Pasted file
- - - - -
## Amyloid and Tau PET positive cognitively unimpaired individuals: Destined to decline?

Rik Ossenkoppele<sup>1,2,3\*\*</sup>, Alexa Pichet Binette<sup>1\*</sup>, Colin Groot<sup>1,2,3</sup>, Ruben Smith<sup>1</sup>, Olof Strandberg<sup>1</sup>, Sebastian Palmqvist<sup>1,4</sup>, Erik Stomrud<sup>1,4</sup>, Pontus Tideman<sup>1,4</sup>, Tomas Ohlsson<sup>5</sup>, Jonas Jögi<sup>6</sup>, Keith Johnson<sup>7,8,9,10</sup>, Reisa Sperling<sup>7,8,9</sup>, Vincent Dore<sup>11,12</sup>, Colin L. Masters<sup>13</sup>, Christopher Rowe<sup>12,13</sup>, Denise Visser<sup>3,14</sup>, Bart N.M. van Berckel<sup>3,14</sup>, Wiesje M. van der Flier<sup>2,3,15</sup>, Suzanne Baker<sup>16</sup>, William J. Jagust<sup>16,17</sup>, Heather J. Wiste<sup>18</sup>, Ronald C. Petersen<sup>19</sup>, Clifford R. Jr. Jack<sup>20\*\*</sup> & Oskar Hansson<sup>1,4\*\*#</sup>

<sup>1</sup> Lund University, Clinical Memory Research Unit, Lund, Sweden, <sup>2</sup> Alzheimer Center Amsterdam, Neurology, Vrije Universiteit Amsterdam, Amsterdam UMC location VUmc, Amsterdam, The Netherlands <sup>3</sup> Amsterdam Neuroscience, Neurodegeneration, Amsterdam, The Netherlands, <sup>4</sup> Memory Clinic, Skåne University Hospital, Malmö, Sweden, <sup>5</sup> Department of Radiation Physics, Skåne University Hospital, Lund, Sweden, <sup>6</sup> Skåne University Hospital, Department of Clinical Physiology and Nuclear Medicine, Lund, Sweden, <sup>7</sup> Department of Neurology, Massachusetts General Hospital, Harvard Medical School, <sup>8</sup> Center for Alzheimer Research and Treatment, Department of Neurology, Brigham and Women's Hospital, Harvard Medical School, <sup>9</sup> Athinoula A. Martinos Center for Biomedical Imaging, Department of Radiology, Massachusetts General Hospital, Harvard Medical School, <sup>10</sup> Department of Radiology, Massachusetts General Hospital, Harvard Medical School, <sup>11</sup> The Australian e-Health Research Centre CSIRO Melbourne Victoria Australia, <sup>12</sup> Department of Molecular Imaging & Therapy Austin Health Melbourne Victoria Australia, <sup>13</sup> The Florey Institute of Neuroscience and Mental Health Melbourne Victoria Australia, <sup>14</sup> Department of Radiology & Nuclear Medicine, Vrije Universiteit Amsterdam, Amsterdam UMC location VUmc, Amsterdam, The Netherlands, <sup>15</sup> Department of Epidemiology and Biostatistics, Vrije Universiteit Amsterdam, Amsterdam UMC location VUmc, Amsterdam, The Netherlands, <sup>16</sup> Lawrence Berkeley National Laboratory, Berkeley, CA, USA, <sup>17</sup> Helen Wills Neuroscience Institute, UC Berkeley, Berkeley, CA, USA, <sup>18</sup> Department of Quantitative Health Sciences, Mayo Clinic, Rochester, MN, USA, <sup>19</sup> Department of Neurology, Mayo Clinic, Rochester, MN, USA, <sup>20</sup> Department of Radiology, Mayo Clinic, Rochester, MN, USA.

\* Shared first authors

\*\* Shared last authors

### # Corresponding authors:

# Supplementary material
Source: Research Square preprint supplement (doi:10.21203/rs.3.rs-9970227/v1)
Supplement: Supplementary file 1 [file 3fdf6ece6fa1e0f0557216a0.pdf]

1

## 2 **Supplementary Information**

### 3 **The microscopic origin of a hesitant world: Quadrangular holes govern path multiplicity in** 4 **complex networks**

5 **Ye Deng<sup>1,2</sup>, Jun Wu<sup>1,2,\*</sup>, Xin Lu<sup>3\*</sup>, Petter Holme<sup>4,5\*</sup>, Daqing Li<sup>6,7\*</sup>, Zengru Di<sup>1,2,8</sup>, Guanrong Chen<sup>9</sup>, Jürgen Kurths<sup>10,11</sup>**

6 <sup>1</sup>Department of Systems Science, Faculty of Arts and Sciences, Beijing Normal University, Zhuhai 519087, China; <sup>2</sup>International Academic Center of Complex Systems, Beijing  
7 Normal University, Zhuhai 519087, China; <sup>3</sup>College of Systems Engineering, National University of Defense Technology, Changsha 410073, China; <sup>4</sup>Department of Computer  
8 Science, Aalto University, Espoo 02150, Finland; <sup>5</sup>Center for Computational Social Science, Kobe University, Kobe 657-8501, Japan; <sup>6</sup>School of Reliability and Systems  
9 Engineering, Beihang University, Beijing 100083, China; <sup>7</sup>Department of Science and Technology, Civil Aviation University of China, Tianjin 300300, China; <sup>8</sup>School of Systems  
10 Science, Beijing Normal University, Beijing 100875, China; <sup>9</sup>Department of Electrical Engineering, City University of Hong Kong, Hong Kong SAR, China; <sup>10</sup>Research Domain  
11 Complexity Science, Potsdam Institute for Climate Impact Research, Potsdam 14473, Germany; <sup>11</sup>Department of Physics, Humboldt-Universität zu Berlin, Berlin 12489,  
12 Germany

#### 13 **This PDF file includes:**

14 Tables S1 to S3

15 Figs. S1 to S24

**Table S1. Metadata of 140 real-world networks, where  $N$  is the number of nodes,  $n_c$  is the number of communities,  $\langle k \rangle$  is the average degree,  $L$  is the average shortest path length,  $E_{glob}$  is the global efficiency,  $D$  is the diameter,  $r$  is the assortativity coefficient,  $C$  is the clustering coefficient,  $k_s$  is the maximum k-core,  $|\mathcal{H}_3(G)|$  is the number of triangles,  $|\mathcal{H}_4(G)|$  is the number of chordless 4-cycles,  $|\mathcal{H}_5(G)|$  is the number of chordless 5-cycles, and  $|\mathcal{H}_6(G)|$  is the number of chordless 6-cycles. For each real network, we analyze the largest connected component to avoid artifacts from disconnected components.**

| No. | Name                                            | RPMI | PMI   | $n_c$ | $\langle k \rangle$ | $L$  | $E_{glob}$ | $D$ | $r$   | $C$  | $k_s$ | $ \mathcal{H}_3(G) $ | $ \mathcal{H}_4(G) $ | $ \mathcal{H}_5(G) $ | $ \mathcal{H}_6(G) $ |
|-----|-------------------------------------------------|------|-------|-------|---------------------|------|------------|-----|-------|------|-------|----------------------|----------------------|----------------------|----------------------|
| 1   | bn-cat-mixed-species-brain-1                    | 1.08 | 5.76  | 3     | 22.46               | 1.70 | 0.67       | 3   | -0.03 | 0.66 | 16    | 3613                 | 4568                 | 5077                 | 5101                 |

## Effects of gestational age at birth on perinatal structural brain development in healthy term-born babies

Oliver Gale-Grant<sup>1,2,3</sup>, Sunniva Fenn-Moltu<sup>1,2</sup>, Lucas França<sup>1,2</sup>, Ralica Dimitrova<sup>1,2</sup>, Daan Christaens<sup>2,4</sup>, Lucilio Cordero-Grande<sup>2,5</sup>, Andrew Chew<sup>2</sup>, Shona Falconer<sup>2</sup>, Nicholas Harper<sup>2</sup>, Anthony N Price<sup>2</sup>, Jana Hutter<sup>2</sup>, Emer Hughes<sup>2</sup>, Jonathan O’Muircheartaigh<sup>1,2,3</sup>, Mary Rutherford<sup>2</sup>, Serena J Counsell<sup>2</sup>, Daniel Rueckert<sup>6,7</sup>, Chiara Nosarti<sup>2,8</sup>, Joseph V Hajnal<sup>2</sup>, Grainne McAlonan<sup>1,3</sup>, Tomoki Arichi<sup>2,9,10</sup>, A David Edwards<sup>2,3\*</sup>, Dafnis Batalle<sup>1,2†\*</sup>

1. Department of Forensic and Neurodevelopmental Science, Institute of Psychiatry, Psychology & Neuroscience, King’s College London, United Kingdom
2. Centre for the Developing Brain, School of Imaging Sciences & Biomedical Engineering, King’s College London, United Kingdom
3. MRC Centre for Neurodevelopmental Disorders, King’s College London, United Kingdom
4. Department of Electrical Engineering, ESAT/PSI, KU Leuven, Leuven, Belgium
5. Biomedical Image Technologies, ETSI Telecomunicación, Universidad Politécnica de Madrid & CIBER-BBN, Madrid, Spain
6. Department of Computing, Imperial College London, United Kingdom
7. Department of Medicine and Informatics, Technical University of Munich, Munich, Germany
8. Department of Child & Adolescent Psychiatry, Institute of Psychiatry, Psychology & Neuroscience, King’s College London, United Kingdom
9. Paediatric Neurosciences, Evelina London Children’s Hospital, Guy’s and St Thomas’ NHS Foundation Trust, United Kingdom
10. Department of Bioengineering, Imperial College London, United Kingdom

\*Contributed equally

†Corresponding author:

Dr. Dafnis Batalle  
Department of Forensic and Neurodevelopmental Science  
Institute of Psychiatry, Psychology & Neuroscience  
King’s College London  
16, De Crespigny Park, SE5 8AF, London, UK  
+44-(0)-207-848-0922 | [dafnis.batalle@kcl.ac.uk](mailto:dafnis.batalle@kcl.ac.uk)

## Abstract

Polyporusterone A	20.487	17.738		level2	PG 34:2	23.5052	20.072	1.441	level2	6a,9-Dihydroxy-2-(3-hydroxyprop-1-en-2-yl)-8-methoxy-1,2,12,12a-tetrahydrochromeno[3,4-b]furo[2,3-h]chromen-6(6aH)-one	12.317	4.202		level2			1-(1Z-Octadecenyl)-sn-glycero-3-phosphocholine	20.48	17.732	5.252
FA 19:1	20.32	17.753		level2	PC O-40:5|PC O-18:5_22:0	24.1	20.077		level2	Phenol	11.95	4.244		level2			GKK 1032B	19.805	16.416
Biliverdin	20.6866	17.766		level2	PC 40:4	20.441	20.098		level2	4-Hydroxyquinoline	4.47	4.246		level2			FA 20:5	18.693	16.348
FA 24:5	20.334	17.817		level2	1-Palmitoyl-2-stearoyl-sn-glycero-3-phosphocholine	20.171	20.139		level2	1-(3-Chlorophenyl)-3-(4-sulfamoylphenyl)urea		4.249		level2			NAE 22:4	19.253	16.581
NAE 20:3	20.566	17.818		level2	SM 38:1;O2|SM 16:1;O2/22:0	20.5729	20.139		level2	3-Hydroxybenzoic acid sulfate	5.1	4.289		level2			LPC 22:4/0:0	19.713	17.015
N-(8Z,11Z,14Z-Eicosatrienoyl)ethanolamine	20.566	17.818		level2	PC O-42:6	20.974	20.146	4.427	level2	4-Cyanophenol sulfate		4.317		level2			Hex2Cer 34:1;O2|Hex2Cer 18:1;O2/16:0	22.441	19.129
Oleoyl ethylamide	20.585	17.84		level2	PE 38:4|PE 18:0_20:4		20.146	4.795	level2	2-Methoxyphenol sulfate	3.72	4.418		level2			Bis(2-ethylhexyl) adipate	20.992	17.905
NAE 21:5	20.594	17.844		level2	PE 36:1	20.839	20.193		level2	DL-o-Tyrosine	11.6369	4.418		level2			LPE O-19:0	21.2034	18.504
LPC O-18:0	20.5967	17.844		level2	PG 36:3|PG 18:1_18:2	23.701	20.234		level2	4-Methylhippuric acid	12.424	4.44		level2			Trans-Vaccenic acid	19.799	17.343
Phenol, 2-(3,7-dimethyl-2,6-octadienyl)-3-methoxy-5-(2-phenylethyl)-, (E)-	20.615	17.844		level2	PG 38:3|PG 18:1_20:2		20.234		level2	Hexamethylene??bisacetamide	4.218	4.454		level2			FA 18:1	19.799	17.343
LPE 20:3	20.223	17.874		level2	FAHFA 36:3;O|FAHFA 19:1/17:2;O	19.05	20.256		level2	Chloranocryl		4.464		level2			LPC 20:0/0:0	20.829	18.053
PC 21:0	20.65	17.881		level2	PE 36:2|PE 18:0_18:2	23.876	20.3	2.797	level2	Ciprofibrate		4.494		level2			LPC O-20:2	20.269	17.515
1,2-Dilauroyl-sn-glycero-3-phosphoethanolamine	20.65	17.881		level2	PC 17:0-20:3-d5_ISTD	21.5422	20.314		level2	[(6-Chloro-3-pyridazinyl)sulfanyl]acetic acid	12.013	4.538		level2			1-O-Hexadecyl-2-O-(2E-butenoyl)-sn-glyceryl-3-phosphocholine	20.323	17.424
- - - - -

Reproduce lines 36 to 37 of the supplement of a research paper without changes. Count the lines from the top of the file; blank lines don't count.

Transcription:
7. Department of Medicine and Informatics, Technical University of Munich, Munich, Germany
8. Department of Child & Adolescent Psychiatry, Institute of Psychiatry, Psychology & Neuroscience, King’s College London, United Kingdom